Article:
Show contents, with start times:
- Industry Trend: Ratings and Censorship, Part 1 (1:52)
- Trivia Question: Movie Or Band (15:49)
- How To: Be the New Teacher In the Hood (17:30)
- Top 6: Political Satires (26:21)
- Film Buff’s Dictionary: Masks, Filters, Day For Night (50:28)
- Closing: Trivia Answer, Preview of Next Week (57:55)
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Industry Trend: Ratings and Censorship, Part 1
Film ratings and censorship are two things that have existed in America as long as the movies themselves. In the early part of the 20th Century, the First Amendment did not have the wide-reaching scope it does today, and thus governments were more able to censor things like movies.
Mutual Film Corp. v. Industrial Commission of Ohio was a 1915 U.S. Supreme Court case where the Court ruled that films are commerce, not speech, and thus explicitly gave local governments the power to set up film boards that would determine which movies could and could not be shown. This system of local governments approving films created a variety of rules about what could and could not be shown.
Charges of indecency — both on and offscreen — led Hollywood to form the Motion Pictures Producers & Distributors Association (later the MPAA) in 1922 as an industry group to clean up its image. Originally headed by former Postmaster General Will Hays, the group is largely ineffective at regulating film content throughout the ’20s.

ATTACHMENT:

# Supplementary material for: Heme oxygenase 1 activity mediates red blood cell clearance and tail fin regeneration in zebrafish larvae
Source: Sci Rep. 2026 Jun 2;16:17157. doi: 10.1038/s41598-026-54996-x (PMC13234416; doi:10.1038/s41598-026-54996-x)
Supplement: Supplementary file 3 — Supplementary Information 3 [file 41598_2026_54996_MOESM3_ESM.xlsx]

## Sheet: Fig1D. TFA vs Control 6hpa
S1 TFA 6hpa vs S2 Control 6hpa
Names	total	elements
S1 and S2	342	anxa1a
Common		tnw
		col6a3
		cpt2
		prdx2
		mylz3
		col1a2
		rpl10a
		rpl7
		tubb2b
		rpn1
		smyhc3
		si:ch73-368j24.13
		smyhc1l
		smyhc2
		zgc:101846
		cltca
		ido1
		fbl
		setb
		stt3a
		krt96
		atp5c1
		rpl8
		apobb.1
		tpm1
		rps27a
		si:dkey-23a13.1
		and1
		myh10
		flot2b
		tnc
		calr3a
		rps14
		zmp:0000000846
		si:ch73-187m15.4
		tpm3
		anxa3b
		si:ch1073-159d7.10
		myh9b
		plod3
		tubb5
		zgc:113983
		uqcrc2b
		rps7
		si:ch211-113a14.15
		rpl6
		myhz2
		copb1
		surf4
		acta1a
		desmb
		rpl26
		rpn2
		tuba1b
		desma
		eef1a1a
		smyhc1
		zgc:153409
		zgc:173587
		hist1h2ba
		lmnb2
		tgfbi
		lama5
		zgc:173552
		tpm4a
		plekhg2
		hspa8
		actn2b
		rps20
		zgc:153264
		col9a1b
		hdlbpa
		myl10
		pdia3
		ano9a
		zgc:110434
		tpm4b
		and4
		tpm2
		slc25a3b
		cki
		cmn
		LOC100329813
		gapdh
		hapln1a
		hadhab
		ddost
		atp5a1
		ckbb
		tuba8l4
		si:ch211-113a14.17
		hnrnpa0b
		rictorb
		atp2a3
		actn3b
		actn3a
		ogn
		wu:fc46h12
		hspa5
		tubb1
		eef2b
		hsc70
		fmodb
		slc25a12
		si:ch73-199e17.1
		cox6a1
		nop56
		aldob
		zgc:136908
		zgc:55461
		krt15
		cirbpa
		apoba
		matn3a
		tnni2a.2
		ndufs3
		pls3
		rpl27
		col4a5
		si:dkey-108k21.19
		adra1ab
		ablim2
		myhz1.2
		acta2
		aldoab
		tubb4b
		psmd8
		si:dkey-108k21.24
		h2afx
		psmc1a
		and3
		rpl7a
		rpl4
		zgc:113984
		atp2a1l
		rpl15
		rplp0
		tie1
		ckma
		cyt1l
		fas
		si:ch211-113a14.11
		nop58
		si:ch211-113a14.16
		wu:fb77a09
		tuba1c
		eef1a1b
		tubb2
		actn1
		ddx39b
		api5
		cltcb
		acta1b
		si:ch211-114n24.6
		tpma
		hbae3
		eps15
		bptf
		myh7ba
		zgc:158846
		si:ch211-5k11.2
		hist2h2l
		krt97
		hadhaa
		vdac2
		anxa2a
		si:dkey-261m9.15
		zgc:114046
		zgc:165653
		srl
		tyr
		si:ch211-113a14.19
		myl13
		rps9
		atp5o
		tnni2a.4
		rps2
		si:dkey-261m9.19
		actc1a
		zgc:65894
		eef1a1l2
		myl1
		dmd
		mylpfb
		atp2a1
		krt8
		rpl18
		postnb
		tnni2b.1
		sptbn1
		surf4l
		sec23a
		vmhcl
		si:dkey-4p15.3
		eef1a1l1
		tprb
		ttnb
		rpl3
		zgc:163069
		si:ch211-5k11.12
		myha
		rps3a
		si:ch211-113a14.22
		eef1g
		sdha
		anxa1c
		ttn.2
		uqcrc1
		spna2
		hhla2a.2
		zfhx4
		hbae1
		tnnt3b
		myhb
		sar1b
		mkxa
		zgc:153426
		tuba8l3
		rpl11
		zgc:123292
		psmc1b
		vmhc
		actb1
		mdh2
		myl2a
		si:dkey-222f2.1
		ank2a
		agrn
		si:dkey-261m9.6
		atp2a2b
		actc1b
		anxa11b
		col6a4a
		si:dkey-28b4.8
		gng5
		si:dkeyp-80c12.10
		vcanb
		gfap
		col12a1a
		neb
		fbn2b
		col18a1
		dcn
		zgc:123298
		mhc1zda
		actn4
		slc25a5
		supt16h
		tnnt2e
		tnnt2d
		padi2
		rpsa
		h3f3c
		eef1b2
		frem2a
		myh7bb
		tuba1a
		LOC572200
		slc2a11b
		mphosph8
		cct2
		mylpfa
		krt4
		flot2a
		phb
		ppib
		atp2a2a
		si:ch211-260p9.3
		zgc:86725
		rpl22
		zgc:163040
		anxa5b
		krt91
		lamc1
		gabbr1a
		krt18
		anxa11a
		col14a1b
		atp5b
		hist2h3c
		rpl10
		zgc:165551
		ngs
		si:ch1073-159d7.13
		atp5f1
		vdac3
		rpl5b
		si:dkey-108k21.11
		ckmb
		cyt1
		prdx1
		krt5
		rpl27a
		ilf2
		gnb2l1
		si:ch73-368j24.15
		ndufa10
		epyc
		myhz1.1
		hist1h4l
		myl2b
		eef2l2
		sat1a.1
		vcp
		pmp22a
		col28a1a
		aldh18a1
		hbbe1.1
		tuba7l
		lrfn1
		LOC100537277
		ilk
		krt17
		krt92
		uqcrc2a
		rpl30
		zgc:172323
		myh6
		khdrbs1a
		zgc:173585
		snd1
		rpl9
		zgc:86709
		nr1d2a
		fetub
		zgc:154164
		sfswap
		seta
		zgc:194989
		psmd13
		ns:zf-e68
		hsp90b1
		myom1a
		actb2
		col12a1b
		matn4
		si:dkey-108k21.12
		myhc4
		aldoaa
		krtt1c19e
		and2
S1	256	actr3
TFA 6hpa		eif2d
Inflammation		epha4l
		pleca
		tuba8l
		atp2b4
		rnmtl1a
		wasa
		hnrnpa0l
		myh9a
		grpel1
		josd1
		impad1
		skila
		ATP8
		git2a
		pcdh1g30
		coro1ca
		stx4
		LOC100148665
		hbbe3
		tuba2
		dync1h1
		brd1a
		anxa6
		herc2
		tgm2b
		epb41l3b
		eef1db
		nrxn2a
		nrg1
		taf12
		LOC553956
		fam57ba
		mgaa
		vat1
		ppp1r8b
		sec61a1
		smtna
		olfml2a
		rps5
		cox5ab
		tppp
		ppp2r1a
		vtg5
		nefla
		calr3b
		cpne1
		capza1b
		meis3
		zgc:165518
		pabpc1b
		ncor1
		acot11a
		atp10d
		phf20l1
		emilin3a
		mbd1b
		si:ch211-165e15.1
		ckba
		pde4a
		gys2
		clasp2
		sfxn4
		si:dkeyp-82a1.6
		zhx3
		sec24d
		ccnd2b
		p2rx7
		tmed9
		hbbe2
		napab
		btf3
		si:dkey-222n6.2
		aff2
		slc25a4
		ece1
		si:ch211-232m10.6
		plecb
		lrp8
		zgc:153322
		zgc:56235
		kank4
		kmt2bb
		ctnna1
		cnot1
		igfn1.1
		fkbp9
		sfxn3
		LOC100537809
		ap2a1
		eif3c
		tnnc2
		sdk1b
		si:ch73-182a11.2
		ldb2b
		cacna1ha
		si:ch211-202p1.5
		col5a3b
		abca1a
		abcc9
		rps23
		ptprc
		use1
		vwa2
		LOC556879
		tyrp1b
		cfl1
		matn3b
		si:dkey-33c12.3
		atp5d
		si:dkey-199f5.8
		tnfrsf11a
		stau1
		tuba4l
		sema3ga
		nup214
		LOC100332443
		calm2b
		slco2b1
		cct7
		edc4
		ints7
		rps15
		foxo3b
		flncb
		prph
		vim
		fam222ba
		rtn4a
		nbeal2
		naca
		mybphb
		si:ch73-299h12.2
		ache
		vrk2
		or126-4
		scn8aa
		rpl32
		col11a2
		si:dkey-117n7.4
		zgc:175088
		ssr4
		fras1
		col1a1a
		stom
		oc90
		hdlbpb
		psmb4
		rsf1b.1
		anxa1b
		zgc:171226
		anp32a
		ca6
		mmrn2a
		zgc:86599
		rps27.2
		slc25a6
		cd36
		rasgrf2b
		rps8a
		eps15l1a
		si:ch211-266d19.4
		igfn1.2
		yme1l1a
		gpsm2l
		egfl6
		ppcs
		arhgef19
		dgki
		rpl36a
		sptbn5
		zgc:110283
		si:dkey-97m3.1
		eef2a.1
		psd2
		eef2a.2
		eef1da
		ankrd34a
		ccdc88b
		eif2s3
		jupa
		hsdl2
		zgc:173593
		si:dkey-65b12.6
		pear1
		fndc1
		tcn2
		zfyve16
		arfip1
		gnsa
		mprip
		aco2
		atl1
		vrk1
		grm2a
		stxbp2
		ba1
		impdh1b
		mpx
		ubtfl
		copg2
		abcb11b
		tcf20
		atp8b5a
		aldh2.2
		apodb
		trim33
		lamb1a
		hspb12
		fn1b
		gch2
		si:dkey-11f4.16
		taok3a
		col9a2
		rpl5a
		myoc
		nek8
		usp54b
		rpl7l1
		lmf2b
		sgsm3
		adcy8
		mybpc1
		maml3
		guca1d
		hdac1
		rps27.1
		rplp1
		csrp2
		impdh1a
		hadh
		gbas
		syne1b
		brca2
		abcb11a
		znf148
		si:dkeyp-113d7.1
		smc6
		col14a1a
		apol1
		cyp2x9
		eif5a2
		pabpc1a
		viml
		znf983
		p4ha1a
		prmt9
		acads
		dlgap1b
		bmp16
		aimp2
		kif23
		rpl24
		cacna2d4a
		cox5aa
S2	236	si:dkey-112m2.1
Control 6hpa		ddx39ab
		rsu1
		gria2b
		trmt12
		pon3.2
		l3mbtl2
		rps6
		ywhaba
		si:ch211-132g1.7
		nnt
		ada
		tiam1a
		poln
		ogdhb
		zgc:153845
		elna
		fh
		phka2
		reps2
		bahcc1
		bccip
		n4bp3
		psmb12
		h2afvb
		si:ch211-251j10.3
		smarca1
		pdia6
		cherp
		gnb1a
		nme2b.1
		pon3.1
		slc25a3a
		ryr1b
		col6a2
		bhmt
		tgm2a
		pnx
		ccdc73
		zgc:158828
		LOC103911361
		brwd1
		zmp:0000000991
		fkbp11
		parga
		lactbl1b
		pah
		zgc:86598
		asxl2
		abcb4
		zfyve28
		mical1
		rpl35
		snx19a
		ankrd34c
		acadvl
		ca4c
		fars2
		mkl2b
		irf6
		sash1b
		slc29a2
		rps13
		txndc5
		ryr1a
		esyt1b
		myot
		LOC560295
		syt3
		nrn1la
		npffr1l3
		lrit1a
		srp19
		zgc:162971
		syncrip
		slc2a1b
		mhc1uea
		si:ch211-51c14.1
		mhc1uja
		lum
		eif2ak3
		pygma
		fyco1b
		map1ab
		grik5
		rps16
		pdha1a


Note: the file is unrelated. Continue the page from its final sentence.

Under religious boycott, the studios finally agree to adhere to a Production Code in 1934. The Code (sometimes called the “Hays Code”) strictly regulated the moral content of films. It is enforced by the Production Code Administration.
Under the leadership of Joseph Breen, the PCA has unprecedented powers to dictate what does and does not go into films. The PCA will govern most major studio releases through the late 1960s.
Trivia Question: Movie or Band
Are these movies or bands? Play along in our home game by clicking the link to find out for yourself:
- Savage Garden
- The Fabulous Baker Boys
- Trout Fishing in America
- Smilla’s Sense of Snow
- Thanks to Gravity
- Goat on Fire and Smiling Fish
- Sgt. Pepper’s Lonely Hearts Club Band
- The Doors
- Indiana Jones and the Temple of Doom
How To: Be the New Teacher In the Hood
Keep your cool, change up your lesson plans, and get ready for a lot of 2 a.m. knocks on your door — being the new teacher in the ‘hood is tough, unless you listen to the episode for our handy guide on how to pull it off.
Top 6: Political Satires
Film Buff’s Dictionary: Masks, Filters, Day For Night
Masks and filters are both ways of controlling the final recorded image by putting things in front of the camera’s lens. A mask is usually an opaque material that changes the shape of the image. Commonly, rectangular masks are used to matte an image, making it wider. The most famous mask is the iris, a circular mask that can change size. Rarely seen since the silent era, the iris functioned as a way of zeroing in on a subject in the days before zoom lenses.
Filters change the quality of light that gets recorded, usually by adjusting its color. Generally speaking, a filter is a colored piece of glass that will absorb certain colors. A blue filter, for instance, gives the recorded image a blue tint, as the blue glass absorbs other colors of light. Filters can also be used to change the quantity of light allowed in, and to adjust the quality of light in more subtle ways.
Shooting day for night is a cheap special effect that is achievable with filters. Since shooting outside at night is more expensive than shooting during the day, low-budget movies would put a dark blue filter over the lens and underexpose the film to achieve the illusion of night during a day shoot.